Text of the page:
Cold and flu season is upon us, and people wary of germs are squirting blobs of hand sanitizer on their hands.
Do those alcohol-based gels really kill 99.99 percent of microbes, as some manufacturers claim? And are they the best way to stay healthy?
The American Chemical Society, a nonprofit science organization, breaks down the science in a new video.
Effective sanitizers generally contain one of three types of alcohol: ethanol, isopropanol, or n-propanol. They work by dissolving the "outer coats" of bacteria and viruses, destroying them in the process, the video explains.
But do these germ-killers contribute to the problem of resistant "superbugs"? That is indeed a problem with the overuse of antibiotics, as bacteria tend to evolve new defenses against those drugs over time, rendering them less effective.
Yet this is not thought to be a problem with alcohol-based hand sanitizers, which are sort of like the nuclear option in germ warfare. There is no evidence that bacteria and viruses can mount any kind of defense against having their outer coats dissolved, according to the American Chemical Society, which co-produced the video with PBS Digital Studios.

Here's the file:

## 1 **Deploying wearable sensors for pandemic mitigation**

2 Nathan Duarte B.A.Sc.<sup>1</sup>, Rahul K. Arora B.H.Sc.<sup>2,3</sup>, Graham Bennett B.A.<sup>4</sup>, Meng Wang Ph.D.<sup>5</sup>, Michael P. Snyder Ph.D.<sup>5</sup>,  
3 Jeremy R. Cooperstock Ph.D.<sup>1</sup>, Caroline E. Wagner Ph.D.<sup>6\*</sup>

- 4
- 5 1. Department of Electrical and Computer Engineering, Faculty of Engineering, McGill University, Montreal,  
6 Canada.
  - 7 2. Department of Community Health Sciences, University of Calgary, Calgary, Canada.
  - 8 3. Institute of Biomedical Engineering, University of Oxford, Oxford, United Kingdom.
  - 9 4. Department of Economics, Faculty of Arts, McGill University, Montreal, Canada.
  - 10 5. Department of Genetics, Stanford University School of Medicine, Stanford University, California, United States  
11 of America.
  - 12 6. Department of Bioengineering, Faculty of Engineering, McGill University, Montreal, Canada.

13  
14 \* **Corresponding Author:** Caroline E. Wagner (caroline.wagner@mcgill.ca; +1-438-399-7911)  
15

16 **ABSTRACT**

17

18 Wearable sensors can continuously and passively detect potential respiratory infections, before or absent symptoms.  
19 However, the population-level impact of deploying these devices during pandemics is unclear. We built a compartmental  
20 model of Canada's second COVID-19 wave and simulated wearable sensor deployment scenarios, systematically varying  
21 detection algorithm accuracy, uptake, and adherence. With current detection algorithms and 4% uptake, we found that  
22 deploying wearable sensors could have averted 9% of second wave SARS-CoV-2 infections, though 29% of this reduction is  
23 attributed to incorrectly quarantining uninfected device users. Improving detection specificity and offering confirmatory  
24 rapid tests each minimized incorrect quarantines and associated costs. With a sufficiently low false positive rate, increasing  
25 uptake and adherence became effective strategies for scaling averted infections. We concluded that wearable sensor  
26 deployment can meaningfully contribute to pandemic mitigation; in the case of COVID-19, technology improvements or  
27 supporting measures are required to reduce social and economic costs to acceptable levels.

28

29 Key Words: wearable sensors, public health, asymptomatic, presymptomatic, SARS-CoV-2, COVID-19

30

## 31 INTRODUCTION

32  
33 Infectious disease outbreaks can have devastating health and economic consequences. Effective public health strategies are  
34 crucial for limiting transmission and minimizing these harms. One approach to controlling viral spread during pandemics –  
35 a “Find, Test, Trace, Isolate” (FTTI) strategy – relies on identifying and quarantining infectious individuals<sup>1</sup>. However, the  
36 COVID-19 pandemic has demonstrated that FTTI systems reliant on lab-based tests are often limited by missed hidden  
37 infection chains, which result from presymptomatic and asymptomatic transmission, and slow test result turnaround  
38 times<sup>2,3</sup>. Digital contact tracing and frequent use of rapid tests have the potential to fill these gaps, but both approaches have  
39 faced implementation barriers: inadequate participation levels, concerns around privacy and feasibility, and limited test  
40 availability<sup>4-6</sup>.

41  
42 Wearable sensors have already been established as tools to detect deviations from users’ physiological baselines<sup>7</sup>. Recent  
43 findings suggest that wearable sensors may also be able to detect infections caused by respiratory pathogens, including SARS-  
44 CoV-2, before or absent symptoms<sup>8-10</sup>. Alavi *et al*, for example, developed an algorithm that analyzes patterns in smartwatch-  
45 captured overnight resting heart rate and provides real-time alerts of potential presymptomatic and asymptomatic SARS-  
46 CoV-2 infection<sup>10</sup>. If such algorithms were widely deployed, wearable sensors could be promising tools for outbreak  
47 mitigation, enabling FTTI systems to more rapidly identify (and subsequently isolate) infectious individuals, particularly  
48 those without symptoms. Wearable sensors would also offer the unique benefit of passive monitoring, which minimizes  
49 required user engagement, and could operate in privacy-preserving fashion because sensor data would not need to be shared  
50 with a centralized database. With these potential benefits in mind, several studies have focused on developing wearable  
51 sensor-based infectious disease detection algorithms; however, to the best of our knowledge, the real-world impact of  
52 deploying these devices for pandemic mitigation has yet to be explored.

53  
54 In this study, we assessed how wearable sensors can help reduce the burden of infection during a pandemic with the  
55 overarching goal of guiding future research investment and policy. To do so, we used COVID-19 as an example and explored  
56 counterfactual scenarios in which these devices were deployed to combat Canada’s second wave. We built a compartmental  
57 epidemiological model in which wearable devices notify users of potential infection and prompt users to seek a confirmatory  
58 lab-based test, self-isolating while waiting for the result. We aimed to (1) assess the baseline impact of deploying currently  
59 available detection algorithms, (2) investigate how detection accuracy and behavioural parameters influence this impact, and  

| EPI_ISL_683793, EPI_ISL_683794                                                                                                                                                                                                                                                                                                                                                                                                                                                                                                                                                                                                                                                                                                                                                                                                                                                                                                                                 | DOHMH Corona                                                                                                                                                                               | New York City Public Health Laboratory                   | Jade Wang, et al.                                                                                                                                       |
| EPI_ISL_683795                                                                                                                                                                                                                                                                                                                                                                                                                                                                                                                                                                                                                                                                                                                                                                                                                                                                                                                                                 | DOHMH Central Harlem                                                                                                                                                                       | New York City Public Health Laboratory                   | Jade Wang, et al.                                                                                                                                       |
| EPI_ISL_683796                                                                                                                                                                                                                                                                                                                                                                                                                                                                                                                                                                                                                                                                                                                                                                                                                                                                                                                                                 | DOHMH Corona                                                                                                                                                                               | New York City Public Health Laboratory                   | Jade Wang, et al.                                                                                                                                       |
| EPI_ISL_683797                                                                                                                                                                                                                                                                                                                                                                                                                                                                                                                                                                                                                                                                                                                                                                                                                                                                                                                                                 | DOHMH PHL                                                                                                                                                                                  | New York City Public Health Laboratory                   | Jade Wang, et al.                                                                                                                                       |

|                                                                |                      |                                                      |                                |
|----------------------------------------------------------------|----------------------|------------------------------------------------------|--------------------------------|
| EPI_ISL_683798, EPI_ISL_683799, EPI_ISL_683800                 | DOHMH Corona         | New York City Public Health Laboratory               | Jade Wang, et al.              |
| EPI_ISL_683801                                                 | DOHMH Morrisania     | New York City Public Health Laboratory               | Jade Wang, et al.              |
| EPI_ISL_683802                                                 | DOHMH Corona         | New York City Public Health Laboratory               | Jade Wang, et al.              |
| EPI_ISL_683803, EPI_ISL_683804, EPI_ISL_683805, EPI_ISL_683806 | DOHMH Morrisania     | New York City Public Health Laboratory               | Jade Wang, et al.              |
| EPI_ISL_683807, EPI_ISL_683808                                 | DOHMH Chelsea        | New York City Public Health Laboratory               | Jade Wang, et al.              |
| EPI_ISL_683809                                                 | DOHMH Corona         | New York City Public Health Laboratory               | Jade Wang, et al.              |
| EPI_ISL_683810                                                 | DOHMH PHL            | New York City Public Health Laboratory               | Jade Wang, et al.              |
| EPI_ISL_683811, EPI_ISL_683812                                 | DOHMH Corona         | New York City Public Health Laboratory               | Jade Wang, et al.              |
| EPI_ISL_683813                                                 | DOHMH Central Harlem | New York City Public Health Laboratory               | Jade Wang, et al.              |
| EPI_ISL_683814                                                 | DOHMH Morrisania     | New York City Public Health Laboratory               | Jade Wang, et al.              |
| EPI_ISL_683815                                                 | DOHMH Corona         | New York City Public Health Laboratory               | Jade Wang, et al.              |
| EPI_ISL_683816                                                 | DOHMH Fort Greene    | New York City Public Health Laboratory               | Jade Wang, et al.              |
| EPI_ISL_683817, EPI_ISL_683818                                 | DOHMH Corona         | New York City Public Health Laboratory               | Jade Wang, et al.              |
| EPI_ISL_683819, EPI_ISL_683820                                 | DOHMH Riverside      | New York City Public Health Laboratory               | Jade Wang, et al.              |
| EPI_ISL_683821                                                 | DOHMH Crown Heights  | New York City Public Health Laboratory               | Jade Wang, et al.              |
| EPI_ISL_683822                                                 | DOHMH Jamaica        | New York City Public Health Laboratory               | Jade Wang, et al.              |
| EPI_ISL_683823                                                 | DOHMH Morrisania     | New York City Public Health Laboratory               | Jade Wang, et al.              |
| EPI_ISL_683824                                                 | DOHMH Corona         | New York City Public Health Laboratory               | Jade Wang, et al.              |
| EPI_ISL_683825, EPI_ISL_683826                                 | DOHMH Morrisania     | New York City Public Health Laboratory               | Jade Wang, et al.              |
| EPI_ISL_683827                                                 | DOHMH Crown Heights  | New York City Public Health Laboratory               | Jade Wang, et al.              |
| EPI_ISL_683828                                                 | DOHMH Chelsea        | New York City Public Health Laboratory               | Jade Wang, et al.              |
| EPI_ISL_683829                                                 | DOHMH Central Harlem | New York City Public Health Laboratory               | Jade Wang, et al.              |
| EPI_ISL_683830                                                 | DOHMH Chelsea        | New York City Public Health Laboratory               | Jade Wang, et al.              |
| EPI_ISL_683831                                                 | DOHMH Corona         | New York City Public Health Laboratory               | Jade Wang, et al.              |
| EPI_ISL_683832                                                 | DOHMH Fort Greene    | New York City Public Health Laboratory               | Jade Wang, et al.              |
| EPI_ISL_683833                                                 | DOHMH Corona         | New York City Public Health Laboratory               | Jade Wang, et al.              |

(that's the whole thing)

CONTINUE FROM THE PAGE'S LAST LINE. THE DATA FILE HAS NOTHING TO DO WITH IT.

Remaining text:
Be sure to use a sanitizer that is alcohol-based, however. Some contain antibiotics, which would contribute to the resistance problem.
So how about that those 99.99 percent claims?
The American Chemical Society, which is chartered by Congress and publishes peer-reviewed journals, says those results are based on laboratory tests.
"Real life is messier," the video's narrator states. "The effectiveness of hand sanitizer varies on how oily or dirty your hands are, how much alcohol is in there, and which germs you're actually talking about."
The bottom line: real-world results are often less than 99.99 percent.
The U.S. Centers for Disease Control and Prevention adds that sanitizers should contain at least 60 percent alcohol, and even then, they may be less effective when hands are "visibly dirty or greasy."
What to do? Those gels are handy in a pinch. But there is always soap and water.
Even Purell, a leading maker of hand sanitizers, includes this quote on its website from the U.S. Food and Drug Administration:
"Washing with plain soap and running water remains one of the most important steps consumers can take to avoid getting sick and to prevent spreading germs to others."